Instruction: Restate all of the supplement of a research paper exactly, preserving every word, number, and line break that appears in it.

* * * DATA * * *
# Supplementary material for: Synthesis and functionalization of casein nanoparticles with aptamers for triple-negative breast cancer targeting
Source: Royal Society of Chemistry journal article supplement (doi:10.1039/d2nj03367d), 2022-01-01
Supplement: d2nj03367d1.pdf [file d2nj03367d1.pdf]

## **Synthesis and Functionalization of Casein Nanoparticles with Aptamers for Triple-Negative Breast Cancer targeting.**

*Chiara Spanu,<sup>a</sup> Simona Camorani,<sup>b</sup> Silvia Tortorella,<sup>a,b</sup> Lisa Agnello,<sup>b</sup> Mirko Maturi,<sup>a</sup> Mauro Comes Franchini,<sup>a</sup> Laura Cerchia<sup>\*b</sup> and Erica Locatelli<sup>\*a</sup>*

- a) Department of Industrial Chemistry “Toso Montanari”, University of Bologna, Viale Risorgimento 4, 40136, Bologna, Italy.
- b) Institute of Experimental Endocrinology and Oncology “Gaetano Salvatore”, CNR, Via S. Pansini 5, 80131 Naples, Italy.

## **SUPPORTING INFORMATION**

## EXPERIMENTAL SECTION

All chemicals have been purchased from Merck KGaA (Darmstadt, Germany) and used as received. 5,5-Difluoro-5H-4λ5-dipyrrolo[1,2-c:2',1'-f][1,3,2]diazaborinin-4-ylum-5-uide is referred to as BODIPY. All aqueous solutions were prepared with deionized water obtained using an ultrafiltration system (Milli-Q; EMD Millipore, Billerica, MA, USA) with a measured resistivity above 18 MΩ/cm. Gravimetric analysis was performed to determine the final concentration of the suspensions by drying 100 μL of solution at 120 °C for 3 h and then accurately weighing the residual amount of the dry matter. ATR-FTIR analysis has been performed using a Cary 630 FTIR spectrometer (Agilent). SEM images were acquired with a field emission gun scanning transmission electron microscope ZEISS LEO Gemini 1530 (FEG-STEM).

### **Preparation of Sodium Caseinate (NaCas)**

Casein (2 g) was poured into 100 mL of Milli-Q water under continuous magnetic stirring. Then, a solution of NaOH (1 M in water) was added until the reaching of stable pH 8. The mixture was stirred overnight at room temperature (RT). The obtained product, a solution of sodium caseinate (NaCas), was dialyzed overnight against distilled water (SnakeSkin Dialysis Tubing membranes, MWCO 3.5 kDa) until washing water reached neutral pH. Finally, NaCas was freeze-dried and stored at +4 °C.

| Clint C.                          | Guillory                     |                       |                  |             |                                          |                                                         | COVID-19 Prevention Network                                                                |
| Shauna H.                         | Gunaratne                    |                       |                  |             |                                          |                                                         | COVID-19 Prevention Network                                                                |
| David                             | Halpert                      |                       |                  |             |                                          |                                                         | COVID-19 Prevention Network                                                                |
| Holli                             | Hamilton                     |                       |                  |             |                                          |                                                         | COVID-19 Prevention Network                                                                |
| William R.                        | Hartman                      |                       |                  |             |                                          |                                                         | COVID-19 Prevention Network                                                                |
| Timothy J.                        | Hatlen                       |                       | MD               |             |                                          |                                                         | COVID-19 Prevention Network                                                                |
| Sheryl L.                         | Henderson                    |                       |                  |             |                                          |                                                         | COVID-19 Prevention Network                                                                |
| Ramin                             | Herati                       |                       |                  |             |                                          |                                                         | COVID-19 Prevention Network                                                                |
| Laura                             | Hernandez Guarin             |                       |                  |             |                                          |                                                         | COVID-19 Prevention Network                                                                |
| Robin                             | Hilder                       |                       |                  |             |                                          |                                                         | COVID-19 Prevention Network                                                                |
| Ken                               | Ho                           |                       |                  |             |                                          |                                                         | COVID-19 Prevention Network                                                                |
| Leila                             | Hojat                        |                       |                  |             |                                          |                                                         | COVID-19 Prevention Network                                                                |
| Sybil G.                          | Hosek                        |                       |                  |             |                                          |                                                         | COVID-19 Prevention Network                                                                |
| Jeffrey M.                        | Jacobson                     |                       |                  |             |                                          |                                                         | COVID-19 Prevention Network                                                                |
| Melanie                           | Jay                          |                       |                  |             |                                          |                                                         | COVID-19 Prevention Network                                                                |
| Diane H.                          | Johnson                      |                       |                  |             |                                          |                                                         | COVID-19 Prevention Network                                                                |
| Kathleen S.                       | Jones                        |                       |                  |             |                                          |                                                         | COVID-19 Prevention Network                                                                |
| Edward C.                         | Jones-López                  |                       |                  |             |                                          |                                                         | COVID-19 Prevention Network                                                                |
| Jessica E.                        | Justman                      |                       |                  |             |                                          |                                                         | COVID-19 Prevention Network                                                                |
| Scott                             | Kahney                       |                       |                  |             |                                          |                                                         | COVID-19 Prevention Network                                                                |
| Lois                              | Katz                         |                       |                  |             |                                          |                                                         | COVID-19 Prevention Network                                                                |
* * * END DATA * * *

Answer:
# Supplementary material for: Synthesis and functionalization of casein nanoparticles with aptamers for triple-negative breast cancer targeting
Source: Royal Society of Chemistry journal article supplement (doi:10.1039/d2nj03367d), 2022-01-01
Supplement: d2nj03367d1.pdf [file d2nj03367d1.pdf]

## **Synthesis and Functionalization of Casein Nanoparticles with Aptamers for Triple-Negative Breast Cancer targeting.**

*Chiara Spanu,<sup>a</sup> Simona Camorani,<sup>b</sup> Silvia Tortorella,<sup>a,b</sup> Lisa Agnello,<sup>b</sup> Mirko Maturi,<sup>a</sup> Mauro Comes Franchini,<sup>a</sup> Laura Cerchia<sup>\*b</sup> and Erica Locatelli<sup>\*a</sup>*

- a) Department of Industrial Chemistry “Toso Montanari”, University of Bologna, Viale Risorgimento 4, 40136, Bologna, Italy.
- b) Institute of Experimental Endocrinology and Oncology “Gaetano Salvatore”, CNR, Via S. Pansini 5, 80131 Naples, Italy.

## **SUPPORTING INFORMATION**

## EXPERIMENTAL SECTION

All chemicals have been purchased from Merck KGaA (Darmstadt, Germany) and used as received. 5,5-Difluoro-5H-4λ5-dipyrrolo[1,2-c:2',1'-f][1,3,2]diazaborinin-4-ylum-5-uide is referred to as BODIPY. All aqueous solutions were prepared with deionized water obtained using an ultrafiltration system (Milli-Q; EMD Millipore, Billerica, MA, USA) with a measured resistivity above 18 MΩ/cm. Gravimetric analysis was performed to determine the final concentration of the suspensions by drying 100 μL of solution at 120 °C for 3 h and then accurately weighing the residual amount of the dry matter. ATR-FTIR analysis has been performed using a Cary 630 FTIR spectrometer (Agilent). SEM images were acquired with a field emission gun scanning transmission electron microscope ZEISS LEO Gemini 1530 (FEG-STEM).

### **Preparation of Sodium Caseinate (NaCas)**

Casein (2 g) was poured into 100 mL of Milli-Q water under continuous magnetic stirring. Then, a solution of NaOH (1 M in water) was added until the reaching of stable pH 8. The mixture was stirred overnight at room temperature (RT). The obtained product, a solution of sodium caseinate (NaCas), was dialyzed overnight against distilled water (SnakeSkin Dialysis Tubing membranes, MWCO 3.5 kDa) until washing water reached neutral pH. Finally, NaCas was freeze-dried and stored at +4 °C.

| Clint C.                          | Guillory                     |                       |                  |             |                                          |                                                         | COVID-19 Prevention Network                                                                |
| Shauna H.                         | Gunaratne                    |                       |                  |             |                                          |                                                         | COVID-19 Prevention Network                                                                |
| David                             | Halpert                      |                       |                  |             |                                          |                                                         | COVID-19 Prevention Network                                                                |
| Holli                             | Hamilton                     |                       |                  |             |                                          |                                                         | COVID-19 Prevention Network                                                                |
| William R.                        | Hartman                      |                       |                  |             |                                          |                                                         | COVID-19 Prevention Network                                                                |
| Timothy J.                        | Hatlen                       |                       | MD               |             |                                          |                                                         | COVID-19 Prevention Network                                                                |
| Sheryl L.                         | Henderson                    |                       |                  |             |                                          |                                                         | COVID-19 Prevention Network                                                                |
| Ramin                             | Herati                       |                       |                  |             |                                          |                                                         | COVID-19 Prevention Network                                                                |
| Laura                             | Hernandez Guarin             |                       |                  |             |                                          |                                                         | COVID-19 Prevention Network                                                                |
| Robin                             | Hilder                       |                       |                  |             |                                          |                                                         | COVID-19 Prevention Network                                                                |
| Ken                               | Ho                           |                       |                  |             |                                          |                                                         | COVID-19 Prevention Network                                                                |
| Leila                             | Hojat                        |                       |                  |             |                                          |                                                         | COVID-19 Prevention Network                                                                |
| Sybil G.                          | Hosek                        |                       |                  |             |                                          |                                                         | COVID-19 Prevention Network                                                                |
| Jeffrey M.                        | Jacobson                     |                       |                  |             |                                          |                                                         | COVID-19 Prevention Network                                                                |
| Melanie                           | Jay                          |                       |                  |             |                                          |                                                         | COVID-19 Prevention Network                                                                |
| Diane H.                          | Johnson                      |                       |                  |             |                                          |                                                         | COVID-19 Prevention Network                                                                |
| Kathleen S.                       | Jones                        |                       |                  |             |                                          |                                                         | COVID-19 Prevention Network                                                                |
| Edward C.                         | Jones-López                  |                       |                  |             |                                          |                                                         | COVID-19 Prevention Network                                                                |
| Jessica E.                        | Justman                      |                       |                  |             |                                          |                                                         | COVID-19 Prevention Network                                                                |
| Scott                             | Kahney                       |                       |                  |             |                                          |                                                         | COVID-19 Prevention Network                                                                |
| Lois                              | Katz                         |                       |                  |             |                                          |                                                         | COVID-19 Prevention Network                                                                |